washingtonpost.com  > Business > Columnists > @Work

Quick Quotes

Page 3 of 3  < Back  

To Old-Time Techies, Dot-Com Troubles Ignore the Lessons of History

"I couldn't imagine anything more interesting," says Cerf. "Taking the risky road is often the more satisfying thing. When you're young, you have time to recover."

And so does the market. Cerf believes the tech sector's recent troubles will ease in light of demand for new Internet-enabled devices--and some technology that is even more far out.

Cerf these days is focusing on interplanetary communication. In an effort with NASA's Jet Propulsion Laboratory, he's developing a way for networks of robots, satellites and spacecraft to communicate with one another and with Earth.

"This is really fun stuff," Cerf exults. "It's like reading a science-fiction novel, except I don't know how the end turns out yet."


@Work asked Art Marks, president of the Mid Atlantic Venture Association and a partner at New Enterprise Associates, to offer a few tips for candidates battling the shifting job market. He said anyone thinking about taking a job at a start-up company should consider:

* Is there a viable business plan to reach the break-even point in cash flow--when the company generates cash rather than uses it? Do you believe in the business and the plan?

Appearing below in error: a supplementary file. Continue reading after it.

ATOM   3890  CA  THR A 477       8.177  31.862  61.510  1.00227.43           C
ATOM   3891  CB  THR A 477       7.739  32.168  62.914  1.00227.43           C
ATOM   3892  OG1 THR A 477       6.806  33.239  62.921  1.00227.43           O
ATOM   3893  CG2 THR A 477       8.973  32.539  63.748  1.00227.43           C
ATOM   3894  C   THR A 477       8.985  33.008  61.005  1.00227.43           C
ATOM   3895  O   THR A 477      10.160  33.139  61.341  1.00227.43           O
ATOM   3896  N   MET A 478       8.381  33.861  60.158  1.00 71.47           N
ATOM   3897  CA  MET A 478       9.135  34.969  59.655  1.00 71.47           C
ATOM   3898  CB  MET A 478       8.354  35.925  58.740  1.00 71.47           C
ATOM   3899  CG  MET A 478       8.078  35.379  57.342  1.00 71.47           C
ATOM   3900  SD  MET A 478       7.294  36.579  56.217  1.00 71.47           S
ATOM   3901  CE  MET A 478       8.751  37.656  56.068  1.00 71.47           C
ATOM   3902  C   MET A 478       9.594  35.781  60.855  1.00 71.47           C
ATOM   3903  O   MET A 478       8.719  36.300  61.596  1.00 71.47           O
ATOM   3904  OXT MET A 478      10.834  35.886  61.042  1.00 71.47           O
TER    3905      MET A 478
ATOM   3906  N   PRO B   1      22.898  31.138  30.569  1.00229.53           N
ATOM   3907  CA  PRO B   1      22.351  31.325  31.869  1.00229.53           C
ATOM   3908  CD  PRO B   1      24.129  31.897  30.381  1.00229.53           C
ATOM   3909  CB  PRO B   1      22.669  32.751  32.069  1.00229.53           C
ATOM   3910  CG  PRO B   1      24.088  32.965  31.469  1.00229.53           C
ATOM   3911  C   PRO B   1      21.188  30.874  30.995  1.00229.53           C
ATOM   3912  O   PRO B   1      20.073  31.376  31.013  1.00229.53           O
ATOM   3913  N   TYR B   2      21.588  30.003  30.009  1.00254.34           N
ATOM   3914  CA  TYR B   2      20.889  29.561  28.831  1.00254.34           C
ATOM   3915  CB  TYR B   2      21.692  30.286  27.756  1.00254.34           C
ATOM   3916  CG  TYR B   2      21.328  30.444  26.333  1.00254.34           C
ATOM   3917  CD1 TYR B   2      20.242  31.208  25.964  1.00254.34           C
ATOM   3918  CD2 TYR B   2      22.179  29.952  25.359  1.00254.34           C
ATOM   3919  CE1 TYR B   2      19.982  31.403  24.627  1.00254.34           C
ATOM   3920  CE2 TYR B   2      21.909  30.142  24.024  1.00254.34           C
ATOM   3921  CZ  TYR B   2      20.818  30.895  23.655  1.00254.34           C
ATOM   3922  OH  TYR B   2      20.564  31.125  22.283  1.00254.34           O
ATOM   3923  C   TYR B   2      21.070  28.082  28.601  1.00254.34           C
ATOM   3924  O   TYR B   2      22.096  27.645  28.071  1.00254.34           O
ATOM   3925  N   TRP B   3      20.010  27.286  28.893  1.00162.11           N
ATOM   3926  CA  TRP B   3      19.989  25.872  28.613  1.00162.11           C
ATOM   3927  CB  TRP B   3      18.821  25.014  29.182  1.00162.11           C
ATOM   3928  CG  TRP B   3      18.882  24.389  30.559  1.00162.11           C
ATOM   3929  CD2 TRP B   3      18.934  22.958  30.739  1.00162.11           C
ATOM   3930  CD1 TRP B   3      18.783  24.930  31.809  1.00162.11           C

* Does the company have enough cash to complete the plan? If not, does it have the kind of investors who will provide the additional cash when needed? The quality of the investor can be a good indicator of the company's ability to access additional capital.

* Do the executives have experience running a company of the size and scope they envision? If they do, they are more likely to attract the capital they need and have the ability to deploy it effectively.

* Are the stock options valuable? They will not be liquid anytime soon, but they usually are vested over four years (25 percent per year). Here's a quick test of how to value them. When venture capitalists invest, they typically target a 10 times return. Look at what they paid in the last round. Since they expect to make 10 times their money, multiply their price by 10; mutiply that number by your number of shares. If everything works out, that's the value of your options today (less the exercised price). Of course, we have had companies that produced returns at 100 times and even 1,000 times our cost. It could happen again.

* Don't be afraid. Entrepreneurial companies are often a great experience.

Send tips, gripes, and your experiences in punching the virtual time clock to Carrie Johnson at johnsonca@ washpost.com.

< Back  1 2 3

© 2000 The Washington Post Company